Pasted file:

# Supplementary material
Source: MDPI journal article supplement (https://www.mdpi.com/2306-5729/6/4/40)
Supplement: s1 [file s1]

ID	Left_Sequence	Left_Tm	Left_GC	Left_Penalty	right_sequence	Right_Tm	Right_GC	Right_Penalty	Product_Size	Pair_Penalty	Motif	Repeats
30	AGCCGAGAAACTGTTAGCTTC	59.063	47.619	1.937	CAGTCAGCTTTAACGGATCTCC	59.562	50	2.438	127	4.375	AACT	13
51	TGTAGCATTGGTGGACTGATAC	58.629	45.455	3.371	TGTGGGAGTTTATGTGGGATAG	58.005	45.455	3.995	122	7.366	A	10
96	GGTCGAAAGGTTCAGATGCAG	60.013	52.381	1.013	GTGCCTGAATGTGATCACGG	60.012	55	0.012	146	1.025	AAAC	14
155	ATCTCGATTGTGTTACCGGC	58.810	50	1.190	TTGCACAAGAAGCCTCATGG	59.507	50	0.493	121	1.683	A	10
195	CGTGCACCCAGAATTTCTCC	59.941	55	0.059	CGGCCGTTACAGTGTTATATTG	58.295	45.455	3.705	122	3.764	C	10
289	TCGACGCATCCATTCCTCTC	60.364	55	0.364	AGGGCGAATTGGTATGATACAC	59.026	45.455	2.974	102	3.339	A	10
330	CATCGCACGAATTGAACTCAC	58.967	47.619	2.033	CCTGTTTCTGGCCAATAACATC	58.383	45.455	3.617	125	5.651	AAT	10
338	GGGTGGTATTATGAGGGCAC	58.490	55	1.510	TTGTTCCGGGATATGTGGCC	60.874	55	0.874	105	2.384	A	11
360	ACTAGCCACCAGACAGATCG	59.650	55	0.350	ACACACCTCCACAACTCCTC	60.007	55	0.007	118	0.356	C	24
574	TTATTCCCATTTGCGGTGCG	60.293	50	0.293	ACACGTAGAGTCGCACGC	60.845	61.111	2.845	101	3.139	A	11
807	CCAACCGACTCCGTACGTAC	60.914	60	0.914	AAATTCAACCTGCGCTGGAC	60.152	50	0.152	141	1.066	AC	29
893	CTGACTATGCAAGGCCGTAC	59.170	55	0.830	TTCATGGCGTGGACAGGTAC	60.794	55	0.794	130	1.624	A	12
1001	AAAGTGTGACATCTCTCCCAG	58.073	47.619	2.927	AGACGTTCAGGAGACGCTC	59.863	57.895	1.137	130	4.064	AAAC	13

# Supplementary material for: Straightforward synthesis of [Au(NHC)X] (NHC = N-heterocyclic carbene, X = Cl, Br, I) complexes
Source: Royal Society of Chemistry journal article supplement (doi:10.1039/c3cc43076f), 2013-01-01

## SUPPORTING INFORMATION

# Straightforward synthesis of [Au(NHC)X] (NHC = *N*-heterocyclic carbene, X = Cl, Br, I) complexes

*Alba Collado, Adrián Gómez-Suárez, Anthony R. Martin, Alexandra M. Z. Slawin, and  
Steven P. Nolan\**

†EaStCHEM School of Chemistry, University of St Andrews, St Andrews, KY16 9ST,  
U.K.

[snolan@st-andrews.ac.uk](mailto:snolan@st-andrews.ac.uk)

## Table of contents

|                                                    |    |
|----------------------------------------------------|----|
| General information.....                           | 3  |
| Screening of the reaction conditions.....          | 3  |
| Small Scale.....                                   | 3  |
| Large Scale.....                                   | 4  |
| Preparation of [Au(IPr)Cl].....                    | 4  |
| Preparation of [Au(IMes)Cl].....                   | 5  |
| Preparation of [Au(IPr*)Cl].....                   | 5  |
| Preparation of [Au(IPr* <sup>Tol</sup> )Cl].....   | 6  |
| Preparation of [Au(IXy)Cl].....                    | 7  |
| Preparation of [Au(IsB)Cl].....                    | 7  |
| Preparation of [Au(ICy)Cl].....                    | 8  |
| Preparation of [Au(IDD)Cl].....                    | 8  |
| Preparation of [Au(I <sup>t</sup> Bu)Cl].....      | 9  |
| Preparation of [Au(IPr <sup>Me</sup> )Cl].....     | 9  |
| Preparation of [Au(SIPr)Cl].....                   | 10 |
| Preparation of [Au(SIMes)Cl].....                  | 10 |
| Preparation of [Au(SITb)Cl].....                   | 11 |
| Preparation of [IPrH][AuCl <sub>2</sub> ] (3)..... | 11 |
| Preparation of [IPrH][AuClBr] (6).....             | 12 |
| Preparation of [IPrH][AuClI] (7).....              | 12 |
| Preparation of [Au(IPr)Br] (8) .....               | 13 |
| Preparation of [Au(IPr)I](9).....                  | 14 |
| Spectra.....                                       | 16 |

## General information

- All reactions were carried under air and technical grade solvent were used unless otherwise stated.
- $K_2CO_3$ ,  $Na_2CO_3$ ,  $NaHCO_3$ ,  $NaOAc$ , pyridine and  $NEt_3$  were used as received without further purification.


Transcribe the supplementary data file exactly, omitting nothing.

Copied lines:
# Supplementary material
Source: MDPI journal article supplement (https://www.mdpi.com/2306-5729/6/4/40)
Supplement: s1 [file s1]

ID	Left_Sequence	Left_Tm	Left_GC	Left_Penalty	right_sequence	Right_Tm	Right_GC	Right_Penalty	Product_Size	Pair_Penalty	Motif	Repeats
30	AGCCGAGAAACTGTTAGCTTC	59.063	47.619	1.937	CAGTCAGCTTTAACGGATCTCC	59.562	50	2.438	127	4.375	AACT	13
51	TGTAGCATTGGTGGACTGATAC	58.629	45.455	3.371	TGTGGGAGTTTATGTGGGATAG	58.005	45.455	3.995	122	7.366	A	10
96	GGTCGAAAGGTTCAGATGCAG	60.013	52.381	1.013	GTGCCTGAATGTGATCACGG	60.012	55	0.012	146	1.025	AAAC	14
155	ATCTCGATTGTGTTACCGGC	58.810	50	1.190	TTGCACAAGAAGCCTCATGG	59.507	50	0.493	121	1.683	A	10
195	CGTGCACCCAGAATTTCTCC	59.941	55	0.059	CGGCCGTTACAGTGTTATATTG	58.295	45.455	3.705	122	3.764	C	10
289	TCGACGCATCCATTCCTCTC	60.364	55	0.364	AGGGCGAATTGGTATGATACAC	59.026	45.455	2.974	102	3.339	A	10
330	CATCGCACGAATTGAACTCAC	58.967	47.619	2.033	CCTGTTTCTGGCCAATAACATC	58.383	45.455	3.617	125	5.651	AAT	10
338	GGGTGGTATTATGAGGGCAC	58.490	55	1.510	TTGTTCCGGGATATGTGGCC	60.874	55	0.874	105	2.384	A	11
360	ACTAGCCACCAGACAGATCG	59.650	55	0.350	ACACACCTCCACAACTCCTC	60.007	55	0.007	118	0.356	C	24
574	TTATTCCCATTTGCGGTGCG	60.293	50	0.293	ACACGTAGAGTCGCACGC	60.845	61.111	2.845	101	3.139	A	11
807	CCAACCGACTCCGTACGTAC	60.914	60	0.914	AAATTCAACCTGCGCTGGAC	60.152	50	0.152	141	1.066	AC	29
893	CTGACTATGCAAGGCCGTAC	59.170	55	0.830	TTCATGGCGTGGACAGGTAC	60.794	55	0.794	130	1.624	A	12
1001	AAAGTGTGACATCTCTCCCAG	58.073	47.619	2.927	AGACGTTCAGGAGACGCTC	59.863	57.895	1.137	130	4.064	AAAC	13

# Supplementary material for: Straightforward synthesis of [Au(NHC)X] (NHC = N-heterocyclic carbene, X = Cl, Br, I) complexes
Source: Royal Society of Chemistry journal article supplement (doi:10.1039/c3cc43076f), 2013-01-01

## SUPPORTING INFORMATION

# Straightforward synthesis of [Au(NHC)X] (NHC = *N*-heterocyclic carbene, X = Cl, Br, I) complexes

*Alba Collado, Adrián Gómez-Suárez, Anthony R. Martin, Alexandra M. Z. Slawin, and  
Steven P. Nolan\**

†EaStCHEM School of Chemistry, University of St Andrews, St Andrews, KY16 9ST,  
U.K.

[snolan@st-andrews.ac.uk](mailto:snolan@st-andrews.ac.uk)

## Table of contents

|                                                    |    |
|----------------------------------------------------|----|
| General information.....                           | 3  |
| Screening of the reaction conditions.....          | 3  |
| Small Scale.....                                   | 3  |
| Large Scale.....                                   | 4  |
| Preparation of [Au(IPr)Cl].....                    | 4  |
| Preparation of [Au(IMes)Cl].....                   | 5  |
| Preparation of [Au(IPr*)Cl].....                   | 5  |
| Preparation of [Au(IPr* <sup>Tol</sup> )Cl].....   | 6  |
| Preparation of [Au(IXy)Cl].....                    | 7  |
| Preparation of [Au(IsB)Cl].....                    | 7  |
| Preparation of [Au(ICy)Cl].....                    | 8  |
| Preparation of [Au(IDD)Cl].....                    | 8  |
| Preparation of [Au(I <sup>t</sup> Bu)Cl].....      | 9  |
| Preparation of [Au(IPr <sup>Me</sup> )Cl].....     | 9  |
| Preparation of [Au(SIPr)Cl].....                   | 10 |
| Preparation of [Au(SIMes)Cl].....                  | 10 |
| Preparation of [Au(SITb)Cl].....                   | 11 |
| Preparation of [IPrH][AuCl <sub>2</sub> ] (3)..... | 11 |
| Preparation of [IPrH][AuClBr] (6).....             | 12 |
| Preparation of [IPrH][AuClI] (7).....              | 12 |
| Preparation of [Au(IPr)Br] (8) .....               | 13 |
| Preparation of [Au(IPr)I](9).....                  | 14 |
| Spectra.....                                       | 16 |

## General information

- All reactions were carried under air and technical grade solvent were used unless otherwise stated.
- $K_2CO_3$ ,  $Na_2CO_3$ ,  $NaHCO_3$ ,  $NaOAc$ , pyridine and  $NEt_3$  were used as received without further purification.